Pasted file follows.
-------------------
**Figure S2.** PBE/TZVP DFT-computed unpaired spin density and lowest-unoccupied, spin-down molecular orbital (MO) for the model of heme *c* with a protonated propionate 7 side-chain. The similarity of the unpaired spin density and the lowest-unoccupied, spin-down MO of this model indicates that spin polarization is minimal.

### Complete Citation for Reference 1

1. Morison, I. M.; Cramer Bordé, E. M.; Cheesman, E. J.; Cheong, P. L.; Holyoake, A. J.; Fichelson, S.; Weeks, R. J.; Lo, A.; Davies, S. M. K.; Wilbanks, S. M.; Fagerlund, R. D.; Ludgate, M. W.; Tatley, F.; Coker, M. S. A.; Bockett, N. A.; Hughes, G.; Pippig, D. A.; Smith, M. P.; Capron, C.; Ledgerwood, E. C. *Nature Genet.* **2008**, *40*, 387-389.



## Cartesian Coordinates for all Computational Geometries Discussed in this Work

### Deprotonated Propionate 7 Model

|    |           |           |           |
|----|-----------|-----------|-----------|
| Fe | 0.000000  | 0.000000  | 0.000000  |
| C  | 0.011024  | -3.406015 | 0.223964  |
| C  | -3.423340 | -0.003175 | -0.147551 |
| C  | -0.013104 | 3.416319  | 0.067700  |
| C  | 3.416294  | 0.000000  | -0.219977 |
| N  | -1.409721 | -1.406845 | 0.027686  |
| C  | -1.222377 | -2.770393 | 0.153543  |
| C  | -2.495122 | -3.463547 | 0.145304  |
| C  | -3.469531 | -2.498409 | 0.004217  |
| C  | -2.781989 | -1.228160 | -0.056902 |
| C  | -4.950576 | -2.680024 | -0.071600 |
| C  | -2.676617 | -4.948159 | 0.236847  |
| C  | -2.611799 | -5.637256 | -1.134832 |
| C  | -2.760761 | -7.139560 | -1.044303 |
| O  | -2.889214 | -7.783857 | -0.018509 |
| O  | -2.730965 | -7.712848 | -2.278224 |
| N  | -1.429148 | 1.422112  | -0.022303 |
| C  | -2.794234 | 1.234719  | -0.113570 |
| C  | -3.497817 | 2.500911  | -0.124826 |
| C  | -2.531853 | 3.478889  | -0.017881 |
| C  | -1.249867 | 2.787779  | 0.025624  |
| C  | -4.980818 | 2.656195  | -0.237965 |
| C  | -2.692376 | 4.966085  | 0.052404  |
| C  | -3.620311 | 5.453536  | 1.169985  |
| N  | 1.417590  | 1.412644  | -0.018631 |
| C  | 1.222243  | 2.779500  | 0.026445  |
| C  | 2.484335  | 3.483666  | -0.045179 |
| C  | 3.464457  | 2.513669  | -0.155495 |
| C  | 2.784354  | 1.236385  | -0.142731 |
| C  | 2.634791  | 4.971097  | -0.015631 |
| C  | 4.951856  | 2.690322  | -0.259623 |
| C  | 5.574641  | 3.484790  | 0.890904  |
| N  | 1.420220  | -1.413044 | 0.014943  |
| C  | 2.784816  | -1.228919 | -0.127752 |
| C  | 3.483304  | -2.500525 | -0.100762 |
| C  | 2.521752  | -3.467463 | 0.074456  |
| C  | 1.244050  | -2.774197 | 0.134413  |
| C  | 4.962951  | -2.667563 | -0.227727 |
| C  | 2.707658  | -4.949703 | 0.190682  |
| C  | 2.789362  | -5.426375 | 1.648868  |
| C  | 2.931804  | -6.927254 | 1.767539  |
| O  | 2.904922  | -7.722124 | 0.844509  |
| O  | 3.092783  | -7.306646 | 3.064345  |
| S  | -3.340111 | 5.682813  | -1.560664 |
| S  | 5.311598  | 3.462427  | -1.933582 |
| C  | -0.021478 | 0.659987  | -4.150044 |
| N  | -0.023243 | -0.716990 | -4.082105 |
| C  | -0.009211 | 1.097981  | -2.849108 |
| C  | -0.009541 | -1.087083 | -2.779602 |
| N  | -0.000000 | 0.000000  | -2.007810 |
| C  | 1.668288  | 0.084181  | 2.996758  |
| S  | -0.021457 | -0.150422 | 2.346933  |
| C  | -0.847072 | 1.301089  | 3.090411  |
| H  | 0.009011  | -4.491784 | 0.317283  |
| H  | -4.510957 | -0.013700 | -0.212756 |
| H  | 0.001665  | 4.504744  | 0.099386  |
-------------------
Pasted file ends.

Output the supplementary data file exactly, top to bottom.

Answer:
**Figure S2.** PBE/TZVP DFT-computed unpaired spin density and lowest-unoccupied, spin-down molecular orbital (MO) for the model of heme *c* with a protonated propionate 7 side-chain. The similarity of the unpaired spin density and the lowest-unoccupied, spin-down MO of this model indicates that spin polarization is minimal.

### Complete Citation for Reference 1

1. Morison, I. M.; Cramer Bordé, E. M.; Cheesman, E. J.; Cheong, P. L.; Holyoake, A. J.; Fichelson, S.; Weeks, R. J.; Lo, A.; Davies, S. M. K.; Wilbanks, S. M.; Fagerlund, R. D.; Ludgate, M. W.; Tatley, F.; Coker, M. S. A.; Bockett, N. A.; Hughes, G.; Pippig, D. A.; Smith, M. P.; Capron, C.; Ledgerwood, E. C. *Nature Genet.* **2008**, *40*, 387-389.



## Cartesian Coordinates for all Computational Geometries Discussed in this Work

### Deprotonated Propionate 7 Model

|    |           |           |           |
|----|-----------|-----------|-----------|
| Fe | 0.000000  | 0.000000  | 0.000000  |
| C  | 0.011024  | -3.406015 | 0.223964  |
| C  | -3.423340 | -0.003175 | -0.147551 |
| C  | -0.013104 | 3.416319  | 0.067700  |
| C  | 3.416294  | 0.000000  | -0.219977 |
| N  | -1.409721 | -1.406845 | 0.027686  |
| C  | -1.222377 | -2.770393 | 0.153543  |
| C  | -2.495122 | -3.463547 | 0.145304  |
| C  | -3.469531 | -2.498409 | 0.004217  |
| C  | -2.781989 | -1.228160 | -0.056902 |
| C  | -4.950576 | -2.680024 | -0.071600 |
| C  | -2.676617 | -4.948159 | 0.236847  |
| C  | -2.611799 | -5.637256 | -1.134832 |
| C  | -2.760761 | -7.139560 | -1.044303 |
| O  | -2.889214 | -7.783857 | -0.018509 |
| O  | -2.730965 | -7.712848 | -2.278224 |
| N  | -1.429148 | 1.422112  | -0.022303 |
| C  | -2.794234 | 1.234719  | -0.113570 |
| C  | -3.497817 | 2.500911  | -0.124826 |
| C  | -2.531853 | 3.478889  | -0.017881 |
| C  | -1.249867 | 2.787779  | 0.025624  |
| C  | -4.980818 | 2.656195  | -0.237965 |
| C  | -2.692376 | 4.966085  | 0.052404  |
| C  | -3.620311 | 5.453536  | 1.169985  |
| N  | 1.417590  | 1.412644  | -0.018631 |
| C  | 1.222243  | 2.779500  | 0.026445  |
| C  | 2.484335  | 3.483666  | -0.045179 |
| C  | 3.464457  | 2.513669  | -0.155495 |
| C  | 2.784354  | 1.236385  | -0.142731 |
| C  | 2.634791  | 4.971097  | -0.015631 |
| C  | 4.951856  | 2.690322  | -0.259623 |
| C  | 5.574641  | 3.484790  | 0.890904  |
| N  | 1.420220  | -1.413044 | 0.014943  |
| C  | 2.784816  | -1.228919 | -0.127752 |
| C  | 3.483304  | -2.500525 | -0.100762 |
| C  | 2.521752  | -3.467463 | 0.074456  |
| C  | 1.244050  | -2.774197 | 0.134413  |
| C  | 4.962951  | -2.667563 | -0.227727 |
| C  | 2.707658  | -4.949703 | 0.190682  |
| C  | 2.789362  | -5.426375 | 1.648868  |
| C  | 2.931804  | -6.927254 | 1.767539  |
| O  | 2.904922  | -7.722124 | 0.844509  |
| O  | 3.092783  | -7.306646 | 3.064345  |
| S  | -3.340111 | 5.682813  | -1.560664 |
| S  | 5.311598  | 3.462427  | -1.933582 |
| C  | -0.021478 | 0.659987  | -4.150044 |
| N  | -0.023243 | -0.716990 | -4.082105 |
| C  | -0.009211 | 1.097981  | -2.849108 |
| C  | -0.009541 | -1.087083 | -2.779602 |
| N  | -0.000000 | 0.000000  | -2.007810 |
| C  | 1.668288  | 0.084181  | 2.996758  |
| S  | -0.021457 | -0.150422 | 2.346933  |
| C  | -0.847072 | 1.301089  | 3.090411  |
| H  | 0.009011  | -4.491784 | 0.317283  |
| H  | -4.510957 | -0.013700 | -0.212756 |
| H  | 0.001665  | 4.504744  | 0.099386  |